The London based pan-Arab newspaper Asharq Al-Awsat reported on October 29, 2012 that the Obama administration has rejected the notion of an independent Kurdish state. An article by Shirzad Shikhani in the paper headlined: “Kurdish Autonomous Region No-Go – US notes that ‘A Kurdish leader, speaking on the condition of anonymity, revealed that the US administration has informed Kurdistan Region President Massoud Barzani that the US and Turkey will not support any efforts, on his part, to announce an independent Kurdish state’.” This raises the curious question as to why the Obama administration supports Palestinian statehood but finds a Kurdish independent state objectionable.
The Obama administration’s reasoning according to Shikhani is that Washington supports “dialogue with Baghdad, and recommended that he (Barzani) – along with Iraqi political leaders – seek to overcome this crisis and normalize relations between the Iraqi and Kurdish political forces in order to protect the democratic experience in Iraq.” Iraq however is not a Jeffersonian democracy nor could it ever be one, given that Iraq is an inorganic concoction created by the colonial powers post WWI. Iraq ceased to be a “democracy” of any kind as soon as the U.S. troops departed in 2011. Its Prime Minister, Nuri Al-Maliki, has increasingly assumed the authoritarian nature of other Arab leaders, to the deep dismay of true democrats.
The New York Times in a September 5, 2012 report on Nuri Al-Maliki noted that, “In 2011, as American involvement in his country came to an end, he was viewed as the country’s emerging sectarian strongman, whose aggressive actions have raised concerns both at home and in the West, where officials have long been uneasy with the prime minister’s authoritarian tendencies.”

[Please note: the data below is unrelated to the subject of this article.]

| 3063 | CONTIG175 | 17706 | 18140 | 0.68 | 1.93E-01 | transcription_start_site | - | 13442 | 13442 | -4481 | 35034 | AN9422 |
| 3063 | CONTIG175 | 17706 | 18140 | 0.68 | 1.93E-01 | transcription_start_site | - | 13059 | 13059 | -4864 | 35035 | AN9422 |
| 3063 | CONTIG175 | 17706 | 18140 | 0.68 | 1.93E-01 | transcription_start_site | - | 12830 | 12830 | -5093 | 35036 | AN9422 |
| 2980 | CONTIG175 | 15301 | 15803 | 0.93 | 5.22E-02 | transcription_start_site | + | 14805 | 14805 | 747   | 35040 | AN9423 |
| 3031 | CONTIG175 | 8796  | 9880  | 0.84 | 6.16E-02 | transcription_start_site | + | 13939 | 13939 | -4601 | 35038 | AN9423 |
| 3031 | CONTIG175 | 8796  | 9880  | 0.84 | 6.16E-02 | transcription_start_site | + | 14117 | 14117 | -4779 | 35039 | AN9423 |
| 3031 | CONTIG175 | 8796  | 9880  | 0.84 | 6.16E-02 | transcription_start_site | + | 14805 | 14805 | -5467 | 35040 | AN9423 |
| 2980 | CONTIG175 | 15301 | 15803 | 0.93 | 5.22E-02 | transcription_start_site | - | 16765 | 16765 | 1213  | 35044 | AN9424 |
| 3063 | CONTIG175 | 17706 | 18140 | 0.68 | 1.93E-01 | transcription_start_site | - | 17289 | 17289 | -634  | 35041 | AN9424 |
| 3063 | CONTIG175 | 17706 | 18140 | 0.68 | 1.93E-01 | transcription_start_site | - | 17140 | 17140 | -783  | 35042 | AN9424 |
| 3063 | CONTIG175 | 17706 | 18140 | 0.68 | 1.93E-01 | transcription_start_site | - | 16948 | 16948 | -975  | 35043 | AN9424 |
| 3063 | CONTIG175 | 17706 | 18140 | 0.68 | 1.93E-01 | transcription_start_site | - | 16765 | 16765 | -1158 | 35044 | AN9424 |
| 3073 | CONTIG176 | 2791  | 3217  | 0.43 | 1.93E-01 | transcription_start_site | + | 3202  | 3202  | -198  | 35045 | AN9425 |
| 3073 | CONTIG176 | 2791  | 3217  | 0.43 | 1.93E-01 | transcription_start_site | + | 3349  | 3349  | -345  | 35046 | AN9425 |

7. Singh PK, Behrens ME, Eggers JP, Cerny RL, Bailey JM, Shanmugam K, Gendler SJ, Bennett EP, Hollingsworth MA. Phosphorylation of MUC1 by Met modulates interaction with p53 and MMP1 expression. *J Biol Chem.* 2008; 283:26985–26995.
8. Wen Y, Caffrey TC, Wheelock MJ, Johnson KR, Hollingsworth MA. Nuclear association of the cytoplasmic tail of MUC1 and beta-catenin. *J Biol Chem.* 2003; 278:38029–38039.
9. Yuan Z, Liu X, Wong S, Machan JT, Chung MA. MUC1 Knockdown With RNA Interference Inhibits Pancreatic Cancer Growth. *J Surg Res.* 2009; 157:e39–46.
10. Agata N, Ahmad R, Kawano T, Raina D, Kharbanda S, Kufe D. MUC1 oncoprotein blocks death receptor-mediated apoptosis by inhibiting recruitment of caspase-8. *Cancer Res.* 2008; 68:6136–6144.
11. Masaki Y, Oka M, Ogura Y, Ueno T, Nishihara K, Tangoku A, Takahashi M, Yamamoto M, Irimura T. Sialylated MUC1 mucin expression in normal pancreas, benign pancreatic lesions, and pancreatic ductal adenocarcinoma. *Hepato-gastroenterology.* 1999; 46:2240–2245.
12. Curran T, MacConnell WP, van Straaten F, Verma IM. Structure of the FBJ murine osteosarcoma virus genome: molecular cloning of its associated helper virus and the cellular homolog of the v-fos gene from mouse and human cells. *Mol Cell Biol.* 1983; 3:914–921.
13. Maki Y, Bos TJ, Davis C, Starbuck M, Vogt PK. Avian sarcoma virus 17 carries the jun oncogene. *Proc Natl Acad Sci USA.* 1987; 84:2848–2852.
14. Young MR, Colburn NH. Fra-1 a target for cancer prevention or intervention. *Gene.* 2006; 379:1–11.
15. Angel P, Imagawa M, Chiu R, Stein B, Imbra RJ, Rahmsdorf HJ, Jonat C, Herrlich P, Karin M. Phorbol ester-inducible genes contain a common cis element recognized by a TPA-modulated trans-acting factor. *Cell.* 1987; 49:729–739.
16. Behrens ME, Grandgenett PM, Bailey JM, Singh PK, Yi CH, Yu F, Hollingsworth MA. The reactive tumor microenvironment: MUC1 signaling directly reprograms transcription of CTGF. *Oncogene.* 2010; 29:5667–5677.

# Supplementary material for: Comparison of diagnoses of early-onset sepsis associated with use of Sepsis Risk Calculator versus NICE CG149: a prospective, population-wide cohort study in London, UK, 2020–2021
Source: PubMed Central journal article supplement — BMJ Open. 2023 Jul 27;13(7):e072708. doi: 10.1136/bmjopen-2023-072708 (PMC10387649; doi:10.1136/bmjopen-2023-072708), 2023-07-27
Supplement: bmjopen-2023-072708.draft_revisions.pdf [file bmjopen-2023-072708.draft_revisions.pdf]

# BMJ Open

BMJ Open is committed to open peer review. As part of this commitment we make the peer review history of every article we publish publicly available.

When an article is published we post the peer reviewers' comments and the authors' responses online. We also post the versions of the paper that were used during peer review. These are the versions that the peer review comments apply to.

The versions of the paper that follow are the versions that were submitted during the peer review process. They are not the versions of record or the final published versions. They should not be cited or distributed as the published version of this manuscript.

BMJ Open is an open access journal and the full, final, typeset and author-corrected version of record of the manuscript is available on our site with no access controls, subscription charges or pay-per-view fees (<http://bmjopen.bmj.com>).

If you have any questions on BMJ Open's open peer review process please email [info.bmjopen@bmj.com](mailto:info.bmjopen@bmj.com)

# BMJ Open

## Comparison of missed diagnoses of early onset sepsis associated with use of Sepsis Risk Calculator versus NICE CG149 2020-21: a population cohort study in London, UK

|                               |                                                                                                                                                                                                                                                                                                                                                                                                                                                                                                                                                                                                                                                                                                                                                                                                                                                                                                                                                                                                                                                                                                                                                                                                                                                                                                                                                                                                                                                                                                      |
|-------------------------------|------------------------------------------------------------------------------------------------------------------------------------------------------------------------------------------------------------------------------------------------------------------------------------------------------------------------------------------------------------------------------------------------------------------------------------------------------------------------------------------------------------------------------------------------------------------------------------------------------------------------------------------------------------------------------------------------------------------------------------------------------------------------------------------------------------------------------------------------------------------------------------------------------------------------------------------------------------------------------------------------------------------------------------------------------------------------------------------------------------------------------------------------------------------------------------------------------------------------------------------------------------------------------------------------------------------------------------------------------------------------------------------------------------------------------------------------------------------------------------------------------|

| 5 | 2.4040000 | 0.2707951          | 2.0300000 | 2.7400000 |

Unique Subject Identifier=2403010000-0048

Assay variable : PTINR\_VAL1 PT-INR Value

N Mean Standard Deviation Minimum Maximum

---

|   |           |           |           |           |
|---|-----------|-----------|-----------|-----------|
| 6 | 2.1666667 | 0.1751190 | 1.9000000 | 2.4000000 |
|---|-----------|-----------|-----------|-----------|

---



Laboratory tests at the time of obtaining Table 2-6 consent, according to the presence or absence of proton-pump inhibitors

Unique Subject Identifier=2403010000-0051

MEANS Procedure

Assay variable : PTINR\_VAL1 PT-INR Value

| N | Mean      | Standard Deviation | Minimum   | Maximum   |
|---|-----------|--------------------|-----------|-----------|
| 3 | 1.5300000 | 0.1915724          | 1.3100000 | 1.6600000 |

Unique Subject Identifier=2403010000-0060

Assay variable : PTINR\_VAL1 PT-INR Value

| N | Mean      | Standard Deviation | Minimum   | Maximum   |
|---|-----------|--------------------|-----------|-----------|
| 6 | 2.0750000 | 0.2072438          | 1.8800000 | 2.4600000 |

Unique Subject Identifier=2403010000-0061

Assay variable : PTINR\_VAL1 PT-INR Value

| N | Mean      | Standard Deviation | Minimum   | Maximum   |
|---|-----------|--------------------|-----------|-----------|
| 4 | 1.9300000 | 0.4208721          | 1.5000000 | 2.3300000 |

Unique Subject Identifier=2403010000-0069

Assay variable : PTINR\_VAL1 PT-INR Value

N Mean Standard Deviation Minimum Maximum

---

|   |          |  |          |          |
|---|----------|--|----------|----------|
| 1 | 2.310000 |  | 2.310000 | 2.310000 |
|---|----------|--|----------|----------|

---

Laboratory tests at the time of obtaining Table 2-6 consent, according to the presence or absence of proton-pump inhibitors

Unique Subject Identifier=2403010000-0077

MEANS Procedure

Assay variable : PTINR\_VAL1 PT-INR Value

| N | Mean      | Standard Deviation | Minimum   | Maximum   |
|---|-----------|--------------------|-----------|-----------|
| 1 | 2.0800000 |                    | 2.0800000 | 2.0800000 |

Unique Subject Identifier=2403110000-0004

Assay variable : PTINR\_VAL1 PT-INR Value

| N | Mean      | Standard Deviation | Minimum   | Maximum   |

Modern Iraq has always been ruled by authoritarian leaders. Its first ruler was the Hashemite King Feisal originally from the Hejaz in Saudi Arabia -a Sunni Muslim ruling over a majority of Arab Shiites-Muslims and Kurds. Then, in 1958, Col. Abd al-Karim Qasim seized power in coup that deposed the monarchy and murdered the royal family. The pro-Communist Qasim was deposed and killed in a Ba’athist engineered coup in 1963, that brought Qasim’s coup partner, Col. Abdul Salam Arif (Arab Sunni-Muslim) to power. When he died in a plane crash (most likely sabotage) his brother Abdul Rahman Arif became president in 1966. Another coup in 1968 brought Gen. Ahmed Hassan al-Bakr to power. Al-Bakr stepped down (most likely forced to do so) from the presidency in 1979, and Saddam Hussein, al-Bakr’s cousin assumed full dictatorial power in Iraq. All of these strongmen including Saddam were Arab Sunni-Muslim. Al-Maliki is the first Arab-Shiite to rule Iraq.
The post WW I Treaty of Se’vres, (Aug. 10, 1920), between the victorious Allies and the defeated Ottoman Turkey, provided for an autonomous Kurdistan (and an independent Armenia). The treaty was rejected however by the new Turkish nationalist regime of Kemal Ataturk, and was replaced by the Treaty of Lausanne in 1923. The Kurds then declared independence in 1927 and established the Republic of Ararat, only to be crushed by the Turks three years later. Turkey now as then is opposed to any manifestation of Kurdish independence in Iraq or Syria, but champion’s Palestinian independence. This hypocrisy is regrettably endorsed by the U.S.
Britain, post WW I, received a League of Nations Mandate for the administration of Iraq and Palestine, and to consolidate oil resources, stripped the Kurdish area of northern Iraq from Turkey and combined it with the Iraqi oil rich Gulf region in the south. The Sunni tribal areas lay between these two areas. But while London sought to confer self-determination on Arab-Palestinians under the 1937 Peel Commission (which the Arab rejected) they have never provided the same opportunity for the Kurds. Mullah Mustafa Barzani (Massoud Barzani father) became the Kurdish figurehead who sought separatism, autonomy and ultimately independence for the Kurds. In 1946, along Qazi Muhammad, the leader of the Kurdistan Democratic Party of Iran, declared the Independent Republic of Mahabad in northwestern Iran. It lasted a mere six months and was crushed by overwhelming number of Iranian troops.